- They are used in lenses for telescopes and the reflectors in headlights or spotlights to create a beam of light.
- The complex maths associated with these shapes is vital in the calculation of the orbits of satellites.
- In engineering, the cables on the Golden Gate Bridge are in the shape of perfect parabolas, and the aerofoils in aircraft are based on ellipses.
- In sports, the arc followed by a football, baseball or cricket ball is also a parabola, so understanding conical sections is vital for analysing player performance—increasingly important with the money invested in professional sports.
- The organic form of these shapes also lends them to uses in the arts and architecture. Examples include the Cybertecture Egg in Mumbai, the Gateway Arch in Missouri and numerous sculptural artists’ work, such as Richard Serra’s Torqued Ellipses at the Guggenheim museum in New York City.
Skills You Need?
Circles are part of basic geometry, and you really need to know how to calculate basic properties of them.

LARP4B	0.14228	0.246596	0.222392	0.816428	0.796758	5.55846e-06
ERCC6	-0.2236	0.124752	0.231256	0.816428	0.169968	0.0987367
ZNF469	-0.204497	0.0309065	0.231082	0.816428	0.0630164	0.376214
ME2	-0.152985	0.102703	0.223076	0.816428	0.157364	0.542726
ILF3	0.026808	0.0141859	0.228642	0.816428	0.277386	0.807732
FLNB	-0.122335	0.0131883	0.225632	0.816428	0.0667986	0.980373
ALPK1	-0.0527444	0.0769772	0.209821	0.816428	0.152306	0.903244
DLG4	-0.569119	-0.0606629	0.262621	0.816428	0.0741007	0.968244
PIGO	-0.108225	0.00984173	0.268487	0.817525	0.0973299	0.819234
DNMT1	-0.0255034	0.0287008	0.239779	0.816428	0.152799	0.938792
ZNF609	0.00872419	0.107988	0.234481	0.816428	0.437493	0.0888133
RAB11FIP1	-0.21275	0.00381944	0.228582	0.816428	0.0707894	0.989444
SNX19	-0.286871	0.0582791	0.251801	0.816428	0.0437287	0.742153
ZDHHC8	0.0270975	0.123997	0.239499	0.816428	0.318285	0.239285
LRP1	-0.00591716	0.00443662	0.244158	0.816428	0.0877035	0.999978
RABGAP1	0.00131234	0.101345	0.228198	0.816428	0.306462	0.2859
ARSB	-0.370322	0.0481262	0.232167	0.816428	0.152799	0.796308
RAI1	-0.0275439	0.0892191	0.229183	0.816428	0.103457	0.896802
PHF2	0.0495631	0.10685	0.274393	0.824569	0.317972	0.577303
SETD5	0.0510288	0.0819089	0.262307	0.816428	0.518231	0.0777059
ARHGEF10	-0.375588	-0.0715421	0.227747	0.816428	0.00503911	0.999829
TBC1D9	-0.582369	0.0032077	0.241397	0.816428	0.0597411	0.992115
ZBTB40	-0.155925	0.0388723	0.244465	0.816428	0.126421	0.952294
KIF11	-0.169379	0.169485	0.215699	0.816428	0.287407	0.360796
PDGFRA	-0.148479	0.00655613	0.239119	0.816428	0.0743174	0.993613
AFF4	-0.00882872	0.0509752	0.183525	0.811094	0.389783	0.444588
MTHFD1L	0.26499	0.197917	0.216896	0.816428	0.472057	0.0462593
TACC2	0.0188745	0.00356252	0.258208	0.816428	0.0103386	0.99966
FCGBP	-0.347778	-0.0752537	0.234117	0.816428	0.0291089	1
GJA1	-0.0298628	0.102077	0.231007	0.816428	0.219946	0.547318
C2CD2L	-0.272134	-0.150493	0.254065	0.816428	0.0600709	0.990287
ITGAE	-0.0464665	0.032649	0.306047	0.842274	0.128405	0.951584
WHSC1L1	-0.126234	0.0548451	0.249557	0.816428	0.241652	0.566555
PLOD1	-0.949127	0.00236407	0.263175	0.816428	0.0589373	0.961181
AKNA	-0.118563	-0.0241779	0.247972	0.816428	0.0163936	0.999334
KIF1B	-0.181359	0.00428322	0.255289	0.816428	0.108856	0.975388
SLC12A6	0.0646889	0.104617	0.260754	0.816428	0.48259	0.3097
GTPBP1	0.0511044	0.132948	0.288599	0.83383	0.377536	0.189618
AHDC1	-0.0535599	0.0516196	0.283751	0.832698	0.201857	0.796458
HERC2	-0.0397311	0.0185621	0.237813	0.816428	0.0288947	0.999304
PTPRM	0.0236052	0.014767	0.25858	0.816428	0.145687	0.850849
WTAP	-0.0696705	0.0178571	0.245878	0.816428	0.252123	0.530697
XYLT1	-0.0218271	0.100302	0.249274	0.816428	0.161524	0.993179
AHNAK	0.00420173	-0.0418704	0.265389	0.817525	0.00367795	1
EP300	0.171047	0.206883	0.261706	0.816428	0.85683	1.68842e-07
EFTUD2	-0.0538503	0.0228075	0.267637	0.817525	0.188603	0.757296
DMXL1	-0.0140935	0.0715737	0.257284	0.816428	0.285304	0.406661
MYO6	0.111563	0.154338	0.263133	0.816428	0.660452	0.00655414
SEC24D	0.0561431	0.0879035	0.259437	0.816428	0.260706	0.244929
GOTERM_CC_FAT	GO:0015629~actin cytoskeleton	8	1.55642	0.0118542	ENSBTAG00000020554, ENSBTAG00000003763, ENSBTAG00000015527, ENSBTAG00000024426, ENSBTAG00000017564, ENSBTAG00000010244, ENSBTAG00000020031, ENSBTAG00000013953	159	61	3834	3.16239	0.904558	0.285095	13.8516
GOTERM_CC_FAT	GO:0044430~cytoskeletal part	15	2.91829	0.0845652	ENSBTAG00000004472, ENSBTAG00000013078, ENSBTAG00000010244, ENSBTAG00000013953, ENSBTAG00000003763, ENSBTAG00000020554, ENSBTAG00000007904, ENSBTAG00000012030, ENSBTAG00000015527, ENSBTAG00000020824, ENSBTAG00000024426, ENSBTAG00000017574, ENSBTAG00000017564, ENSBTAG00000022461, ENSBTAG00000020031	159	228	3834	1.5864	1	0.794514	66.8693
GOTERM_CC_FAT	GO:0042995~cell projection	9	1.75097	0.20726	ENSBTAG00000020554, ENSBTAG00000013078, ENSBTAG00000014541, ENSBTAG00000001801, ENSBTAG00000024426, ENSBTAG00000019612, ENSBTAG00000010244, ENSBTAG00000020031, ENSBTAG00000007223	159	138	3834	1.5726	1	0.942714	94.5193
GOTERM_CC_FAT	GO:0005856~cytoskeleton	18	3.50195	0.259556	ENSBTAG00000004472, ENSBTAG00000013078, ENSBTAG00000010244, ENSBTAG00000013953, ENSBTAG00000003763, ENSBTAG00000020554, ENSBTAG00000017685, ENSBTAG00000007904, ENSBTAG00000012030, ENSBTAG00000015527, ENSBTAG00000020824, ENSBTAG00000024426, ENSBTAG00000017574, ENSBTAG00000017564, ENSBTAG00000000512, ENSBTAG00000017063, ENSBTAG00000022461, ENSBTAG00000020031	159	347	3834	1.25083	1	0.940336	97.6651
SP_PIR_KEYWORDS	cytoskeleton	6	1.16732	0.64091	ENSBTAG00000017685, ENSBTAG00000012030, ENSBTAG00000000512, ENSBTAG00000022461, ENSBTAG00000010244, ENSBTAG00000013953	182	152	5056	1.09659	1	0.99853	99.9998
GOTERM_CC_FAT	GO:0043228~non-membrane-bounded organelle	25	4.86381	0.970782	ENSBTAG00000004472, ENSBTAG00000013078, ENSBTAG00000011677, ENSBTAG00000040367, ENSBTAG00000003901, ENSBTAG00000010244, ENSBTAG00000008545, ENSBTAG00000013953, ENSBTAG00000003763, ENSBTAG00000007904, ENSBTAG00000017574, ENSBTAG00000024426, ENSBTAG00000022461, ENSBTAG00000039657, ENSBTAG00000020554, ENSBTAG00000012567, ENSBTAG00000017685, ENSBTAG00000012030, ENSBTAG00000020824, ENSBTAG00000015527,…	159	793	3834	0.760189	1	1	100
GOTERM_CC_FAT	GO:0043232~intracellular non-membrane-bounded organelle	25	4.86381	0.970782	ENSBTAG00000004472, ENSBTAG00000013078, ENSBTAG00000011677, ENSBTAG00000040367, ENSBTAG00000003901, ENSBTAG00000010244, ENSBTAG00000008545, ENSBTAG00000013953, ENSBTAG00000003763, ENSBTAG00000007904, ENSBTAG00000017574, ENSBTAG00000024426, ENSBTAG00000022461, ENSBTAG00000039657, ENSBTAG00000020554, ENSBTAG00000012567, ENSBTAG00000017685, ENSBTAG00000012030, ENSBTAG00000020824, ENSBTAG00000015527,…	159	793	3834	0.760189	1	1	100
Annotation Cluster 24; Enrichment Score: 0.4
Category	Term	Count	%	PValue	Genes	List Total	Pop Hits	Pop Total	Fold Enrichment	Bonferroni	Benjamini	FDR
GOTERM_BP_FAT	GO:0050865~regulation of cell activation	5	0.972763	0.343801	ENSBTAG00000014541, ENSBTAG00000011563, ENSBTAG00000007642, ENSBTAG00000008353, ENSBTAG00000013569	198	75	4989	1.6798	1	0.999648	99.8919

It is, however, probably unlikely that you would need to do more than be aware of the existence of the other shapes unless you wished to get seriously into engineering, physics, or astronomy.
That said, you may find that you appreciate knowing that the concave curves of a power station cooling tower, or the light from a downward-pointing halogen lamp, are in the shape of a hyperbola.
Further Reading from Skills You Need
Part of The Skills You Need Guide to Numeracy
This eBook covers the basics of geometry and looks at the properties of shapes, lines and solids. These concepts are built up through the book, with worked examples and opportunities for you to practise your new skills.
Whether you want to brush up on your basics, or help your children with their learning, this is the book for you.